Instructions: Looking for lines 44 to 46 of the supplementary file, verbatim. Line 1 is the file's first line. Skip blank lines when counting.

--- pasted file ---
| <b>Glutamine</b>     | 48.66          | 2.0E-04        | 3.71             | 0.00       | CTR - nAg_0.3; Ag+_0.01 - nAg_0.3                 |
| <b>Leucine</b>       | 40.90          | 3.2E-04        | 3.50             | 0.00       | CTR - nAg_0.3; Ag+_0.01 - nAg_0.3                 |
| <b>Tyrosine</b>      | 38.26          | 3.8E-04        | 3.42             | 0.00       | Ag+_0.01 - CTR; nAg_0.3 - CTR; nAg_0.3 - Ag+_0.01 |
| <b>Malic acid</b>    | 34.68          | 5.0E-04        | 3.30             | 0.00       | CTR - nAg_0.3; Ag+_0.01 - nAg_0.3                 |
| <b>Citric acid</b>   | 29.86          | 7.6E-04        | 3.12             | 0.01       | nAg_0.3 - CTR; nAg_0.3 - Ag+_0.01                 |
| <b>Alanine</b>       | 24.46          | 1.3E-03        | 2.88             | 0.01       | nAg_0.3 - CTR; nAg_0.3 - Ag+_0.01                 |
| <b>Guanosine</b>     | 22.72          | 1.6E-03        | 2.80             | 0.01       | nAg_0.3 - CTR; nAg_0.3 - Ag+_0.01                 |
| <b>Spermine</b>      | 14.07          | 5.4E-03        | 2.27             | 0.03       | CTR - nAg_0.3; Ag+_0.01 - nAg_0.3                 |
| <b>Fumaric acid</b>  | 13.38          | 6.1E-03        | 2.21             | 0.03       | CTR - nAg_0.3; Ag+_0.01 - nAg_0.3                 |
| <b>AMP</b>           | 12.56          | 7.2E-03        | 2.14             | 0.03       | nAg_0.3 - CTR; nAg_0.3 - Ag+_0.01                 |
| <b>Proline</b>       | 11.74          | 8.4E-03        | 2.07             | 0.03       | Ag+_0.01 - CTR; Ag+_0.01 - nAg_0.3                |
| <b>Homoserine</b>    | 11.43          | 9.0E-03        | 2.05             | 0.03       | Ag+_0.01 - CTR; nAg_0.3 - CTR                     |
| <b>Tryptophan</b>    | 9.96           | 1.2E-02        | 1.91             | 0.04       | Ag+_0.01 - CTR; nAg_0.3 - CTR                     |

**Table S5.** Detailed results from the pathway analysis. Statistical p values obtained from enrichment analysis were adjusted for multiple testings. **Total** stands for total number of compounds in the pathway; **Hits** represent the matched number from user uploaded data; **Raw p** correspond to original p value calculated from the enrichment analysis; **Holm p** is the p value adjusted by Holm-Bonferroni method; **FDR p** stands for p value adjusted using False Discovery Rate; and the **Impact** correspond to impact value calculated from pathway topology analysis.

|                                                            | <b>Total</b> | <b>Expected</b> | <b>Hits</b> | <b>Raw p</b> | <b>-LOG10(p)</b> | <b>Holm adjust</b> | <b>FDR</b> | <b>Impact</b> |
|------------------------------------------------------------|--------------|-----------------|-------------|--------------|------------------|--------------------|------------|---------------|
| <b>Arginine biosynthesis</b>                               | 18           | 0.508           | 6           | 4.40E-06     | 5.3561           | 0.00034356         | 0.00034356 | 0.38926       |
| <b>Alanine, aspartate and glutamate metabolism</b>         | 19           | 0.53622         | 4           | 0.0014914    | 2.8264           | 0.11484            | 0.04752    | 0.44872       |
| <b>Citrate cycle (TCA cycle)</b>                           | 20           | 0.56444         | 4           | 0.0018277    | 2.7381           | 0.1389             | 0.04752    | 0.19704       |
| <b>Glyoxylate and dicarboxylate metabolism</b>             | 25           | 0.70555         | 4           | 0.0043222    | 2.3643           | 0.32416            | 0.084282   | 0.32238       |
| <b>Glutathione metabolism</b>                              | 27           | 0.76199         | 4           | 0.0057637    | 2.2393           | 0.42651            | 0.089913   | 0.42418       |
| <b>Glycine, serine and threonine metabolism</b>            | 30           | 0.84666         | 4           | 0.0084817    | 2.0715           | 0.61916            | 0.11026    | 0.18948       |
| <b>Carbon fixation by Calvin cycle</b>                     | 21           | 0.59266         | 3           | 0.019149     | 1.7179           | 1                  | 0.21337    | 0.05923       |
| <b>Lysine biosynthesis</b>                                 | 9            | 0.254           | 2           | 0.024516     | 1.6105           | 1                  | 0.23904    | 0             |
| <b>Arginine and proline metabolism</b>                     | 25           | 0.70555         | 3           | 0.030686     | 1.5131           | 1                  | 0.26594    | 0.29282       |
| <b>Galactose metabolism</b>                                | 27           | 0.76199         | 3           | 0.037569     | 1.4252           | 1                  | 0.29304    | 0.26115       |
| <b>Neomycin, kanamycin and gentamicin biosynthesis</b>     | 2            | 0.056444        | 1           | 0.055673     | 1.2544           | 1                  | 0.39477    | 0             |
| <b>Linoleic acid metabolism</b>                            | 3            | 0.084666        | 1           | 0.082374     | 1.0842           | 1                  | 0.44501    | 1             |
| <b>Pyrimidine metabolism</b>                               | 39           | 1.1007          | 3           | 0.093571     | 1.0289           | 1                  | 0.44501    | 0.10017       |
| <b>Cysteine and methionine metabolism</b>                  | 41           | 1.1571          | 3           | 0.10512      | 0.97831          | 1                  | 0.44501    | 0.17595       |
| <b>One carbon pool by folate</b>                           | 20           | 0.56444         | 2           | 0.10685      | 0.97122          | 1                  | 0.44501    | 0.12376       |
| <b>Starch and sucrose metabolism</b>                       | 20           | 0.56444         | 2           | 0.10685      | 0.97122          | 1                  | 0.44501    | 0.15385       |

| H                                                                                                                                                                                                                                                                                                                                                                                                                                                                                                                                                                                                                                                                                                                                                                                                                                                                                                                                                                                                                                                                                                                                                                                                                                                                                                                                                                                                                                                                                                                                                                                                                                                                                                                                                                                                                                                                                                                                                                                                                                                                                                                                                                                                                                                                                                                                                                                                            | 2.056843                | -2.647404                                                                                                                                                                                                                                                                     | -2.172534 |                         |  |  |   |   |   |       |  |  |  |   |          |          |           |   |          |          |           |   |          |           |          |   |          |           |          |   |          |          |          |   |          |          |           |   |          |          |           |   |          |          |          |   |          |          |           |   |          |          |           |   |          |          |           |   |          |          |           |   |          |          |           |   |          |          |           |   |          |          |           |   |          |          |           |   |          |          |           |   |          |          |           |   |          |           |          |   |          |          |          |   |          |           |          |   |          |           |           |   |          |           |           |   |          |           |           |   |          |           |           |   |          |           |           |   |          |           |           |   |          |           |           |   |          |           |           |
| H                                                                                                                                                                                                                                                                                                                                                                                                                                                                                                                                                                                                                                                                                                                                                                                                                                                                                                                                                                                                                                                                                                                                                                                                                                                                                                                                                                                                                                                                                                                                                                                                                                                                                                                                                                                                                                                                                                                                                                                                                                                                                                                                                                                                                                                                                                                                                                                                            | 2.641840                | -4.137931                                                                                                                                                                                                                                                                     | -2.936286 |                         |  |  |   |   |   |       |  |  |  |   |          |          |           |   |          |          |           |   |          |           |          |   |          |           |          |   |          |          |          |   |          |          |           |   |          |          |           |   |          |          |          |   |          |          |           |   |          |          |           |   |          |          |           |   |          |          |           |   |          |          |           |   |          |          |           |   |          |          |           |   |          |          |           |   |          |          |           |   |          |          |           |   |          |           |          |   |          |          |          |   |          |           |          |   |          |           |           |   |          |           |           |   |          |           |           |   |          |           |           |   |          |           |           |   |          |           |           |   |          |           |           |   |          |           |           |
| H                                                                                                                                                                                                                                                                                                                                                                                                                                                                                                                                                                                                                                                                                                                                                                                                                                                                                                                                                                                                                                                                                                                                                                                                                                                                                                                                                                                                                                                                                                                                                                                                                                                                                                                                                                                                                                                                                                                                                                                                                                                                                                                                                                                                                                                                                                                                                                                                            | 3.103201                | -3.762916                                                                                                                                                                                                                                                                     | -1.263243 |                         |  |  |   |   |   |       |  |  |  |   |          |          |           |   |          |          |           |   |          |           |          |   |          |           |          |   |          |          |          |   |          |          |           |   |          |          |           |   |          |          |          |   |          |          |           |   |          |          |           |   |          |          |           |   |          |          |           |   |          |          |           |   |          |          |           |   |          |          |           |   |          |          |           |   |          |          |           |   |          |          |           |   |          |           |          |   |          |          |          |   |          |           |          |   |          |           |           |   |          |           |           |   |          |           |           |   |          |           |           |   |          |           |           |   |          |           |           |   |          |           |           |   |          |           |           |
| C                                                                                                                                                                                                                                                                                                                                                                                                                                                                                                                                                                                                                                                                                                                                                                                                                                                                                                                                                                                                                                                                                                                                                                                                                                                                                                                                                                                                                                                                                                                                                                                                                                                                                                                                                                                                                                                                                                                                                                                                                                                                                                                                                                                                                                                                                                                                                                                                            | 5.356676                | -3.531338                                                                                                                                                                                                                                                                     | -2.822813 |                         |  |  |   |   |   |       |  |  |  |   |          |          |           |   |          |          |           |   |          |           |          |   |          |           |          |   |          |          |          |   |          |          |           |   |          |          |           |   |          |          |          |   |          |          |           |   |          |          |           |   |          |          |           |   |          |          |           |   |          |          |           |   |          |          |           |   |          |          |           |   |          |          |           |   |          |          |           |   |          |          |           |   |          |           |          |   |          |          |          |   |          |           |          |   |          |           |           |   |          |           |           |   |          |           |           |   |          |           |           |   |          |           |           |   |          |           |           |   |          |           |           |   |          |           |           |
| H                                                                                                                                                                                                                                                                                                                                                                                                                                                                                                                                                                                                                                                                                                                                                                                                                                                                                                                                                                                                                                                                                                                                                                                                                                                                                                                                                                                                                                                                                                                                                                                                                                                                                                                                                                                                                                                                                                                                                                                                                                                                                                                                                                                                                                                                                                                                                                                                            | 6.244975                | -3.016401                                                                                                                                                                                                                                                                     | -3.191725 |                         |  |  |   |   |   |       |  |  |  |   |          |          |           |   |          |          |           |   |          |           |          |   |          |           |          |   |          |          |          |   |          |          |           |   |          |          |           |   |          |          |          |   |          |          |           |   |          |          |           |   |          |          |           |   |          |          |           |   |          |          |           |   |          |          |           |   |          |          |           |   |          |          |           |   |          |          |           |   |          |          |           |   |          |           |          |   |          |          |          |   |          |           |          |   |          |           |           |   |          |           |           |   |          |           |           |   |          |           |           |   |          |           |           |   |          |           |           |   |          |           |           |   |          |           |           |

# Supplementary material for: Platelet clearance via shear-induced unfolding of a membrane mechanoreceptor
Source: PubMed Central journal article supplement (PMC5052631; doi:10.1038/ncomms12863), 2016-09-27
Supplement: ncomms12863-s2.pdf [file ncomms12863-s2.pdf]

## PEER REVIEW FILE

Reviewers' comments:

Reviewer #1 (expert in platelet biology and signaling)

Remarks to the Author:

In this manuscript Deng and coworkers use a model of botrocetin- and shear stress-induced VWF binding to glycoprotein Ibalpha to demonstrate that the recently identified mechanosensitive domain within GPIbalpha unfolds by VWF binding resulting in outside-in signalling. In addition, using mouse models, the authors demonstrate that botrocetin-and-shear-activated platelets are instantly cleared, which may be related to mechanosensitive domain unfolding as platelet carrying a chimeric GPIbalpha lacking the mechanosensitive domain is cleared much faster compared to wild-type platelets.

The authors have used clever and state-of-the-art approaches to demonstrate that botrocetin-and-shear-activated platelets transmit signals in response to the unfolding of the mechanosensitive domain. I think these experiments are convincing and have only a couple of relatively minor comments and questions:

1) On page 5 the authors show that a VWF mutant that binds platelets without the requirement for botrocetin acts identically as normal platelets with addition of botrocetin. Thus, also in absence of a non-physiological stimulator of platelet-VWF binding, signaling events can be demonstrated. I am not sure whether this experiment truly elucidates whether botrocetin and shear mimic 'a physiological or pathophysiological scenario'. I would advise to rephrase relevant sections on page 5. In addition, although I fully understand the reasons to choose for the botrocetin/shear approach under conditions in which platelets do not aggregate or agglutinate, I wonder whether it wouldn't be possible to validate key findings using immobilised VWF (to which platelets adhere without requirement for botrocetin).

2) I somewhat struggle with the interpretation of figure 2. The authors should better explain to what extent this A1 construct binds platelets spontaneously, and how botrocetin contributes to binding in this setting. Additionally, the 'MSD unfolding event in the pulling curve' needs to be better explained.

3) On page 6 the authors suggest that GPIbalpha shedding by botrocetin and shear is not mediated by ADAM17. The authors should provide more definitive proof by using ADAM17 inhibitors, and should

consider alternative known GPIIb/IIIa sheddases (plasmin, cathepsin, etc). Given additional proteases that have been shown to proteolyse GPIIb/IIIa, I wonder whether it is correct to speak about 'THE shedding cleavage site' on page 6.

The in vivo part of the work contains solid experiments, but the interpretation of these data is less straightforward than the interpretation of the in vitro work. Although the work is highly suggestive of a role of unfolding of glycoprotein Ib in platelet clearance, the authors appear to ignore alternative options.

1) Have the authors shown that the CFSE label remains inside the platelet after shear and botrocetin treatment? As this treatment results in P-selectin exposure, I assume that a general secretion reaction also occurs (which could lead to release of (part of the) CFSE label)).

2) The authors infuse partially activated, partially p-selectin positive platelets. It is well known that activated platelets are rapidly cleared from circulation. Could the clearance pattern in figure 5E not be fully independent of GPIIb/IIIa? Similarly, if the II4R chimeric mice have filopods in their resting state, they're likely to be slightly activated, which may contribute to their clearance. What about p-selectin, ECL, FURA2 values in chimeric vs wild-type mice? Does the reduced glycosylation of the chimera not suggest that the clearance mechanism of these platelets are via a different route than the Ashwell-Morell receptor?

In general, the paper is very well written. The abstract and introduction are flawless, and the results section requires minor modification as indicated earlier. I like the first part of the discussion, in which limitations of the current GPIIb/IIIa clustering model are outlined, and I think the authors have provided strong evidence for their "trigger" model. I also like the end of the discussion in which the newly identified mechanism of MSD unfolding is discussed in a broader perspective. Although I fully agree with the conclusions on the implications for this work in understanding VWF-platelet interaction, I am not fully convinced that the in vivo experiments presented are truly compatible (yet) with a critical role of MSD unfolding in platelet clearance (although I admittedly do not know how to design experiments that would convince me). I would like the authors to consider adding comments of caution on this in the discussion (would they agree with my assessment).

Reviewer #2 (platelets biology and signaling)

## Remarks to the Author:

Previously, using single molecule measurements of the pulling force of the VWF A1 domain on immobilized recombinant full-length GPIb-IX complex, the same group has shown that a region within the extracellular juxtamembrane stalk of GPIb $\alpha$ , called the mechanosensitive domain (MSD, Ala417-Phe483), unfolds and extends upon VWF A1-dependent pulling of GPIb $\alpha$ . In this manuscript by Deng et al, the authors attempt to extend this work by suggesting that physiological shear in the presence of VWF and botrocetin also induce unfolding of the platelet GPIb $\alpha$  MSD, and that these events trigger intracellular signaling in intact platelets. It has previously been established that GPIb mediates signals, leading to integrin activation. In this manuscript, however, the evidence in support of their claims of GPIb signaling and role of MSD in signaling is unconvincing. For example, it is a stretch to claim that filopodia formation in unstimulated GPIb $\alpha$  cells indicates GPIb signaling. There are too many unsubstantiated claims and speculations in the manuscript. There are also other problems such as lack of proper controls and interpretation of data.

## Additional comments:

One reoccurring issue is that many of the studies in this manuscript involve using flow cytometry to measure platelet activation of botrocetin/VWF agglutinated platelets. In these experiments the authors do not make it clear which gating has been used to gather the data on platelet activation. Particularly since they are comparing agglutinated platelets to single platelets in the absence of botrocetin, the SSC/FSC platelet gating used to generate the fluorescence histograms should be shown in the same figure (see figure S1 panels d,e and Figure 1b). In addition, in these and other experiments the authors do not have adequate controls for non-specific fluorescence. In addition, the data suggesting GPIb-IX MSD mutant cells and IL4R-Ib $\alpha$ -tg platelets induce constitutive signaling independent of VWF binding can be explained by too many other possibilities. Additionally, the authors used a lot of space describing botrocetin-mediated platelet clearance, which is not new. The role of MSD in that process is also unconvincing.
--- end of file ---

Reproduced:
Remarks to the Author:

In this manuscript Deng and coworkers use a model of botrocetin- and shear stress-induced VWF binding to glycoprotein Ibalpha to demonstrate that the recently identified mechanosensitive domain within GPIbalpha unfolds by VWF binding resulting in outside-in signalling. In addition, using mouse models, the authors demonstrate that botrocetin-and-shear-activated platelets are instantly cleared, which may be related to mechanosensitive domain unfolding as platelet carrying a chimeric GPIbalpha lacking the mechanosensitive domain is cleared much faster compared to wild-type platelets.

The authors have used clever and state-of-the-art approaches to demonstrate that botrocetin-and-shear-activated platelets transmit signals in response to the unfolding of the mechanosensitive domain. I think these experiments are convincing and have only a couple of relatively minor comments and questions: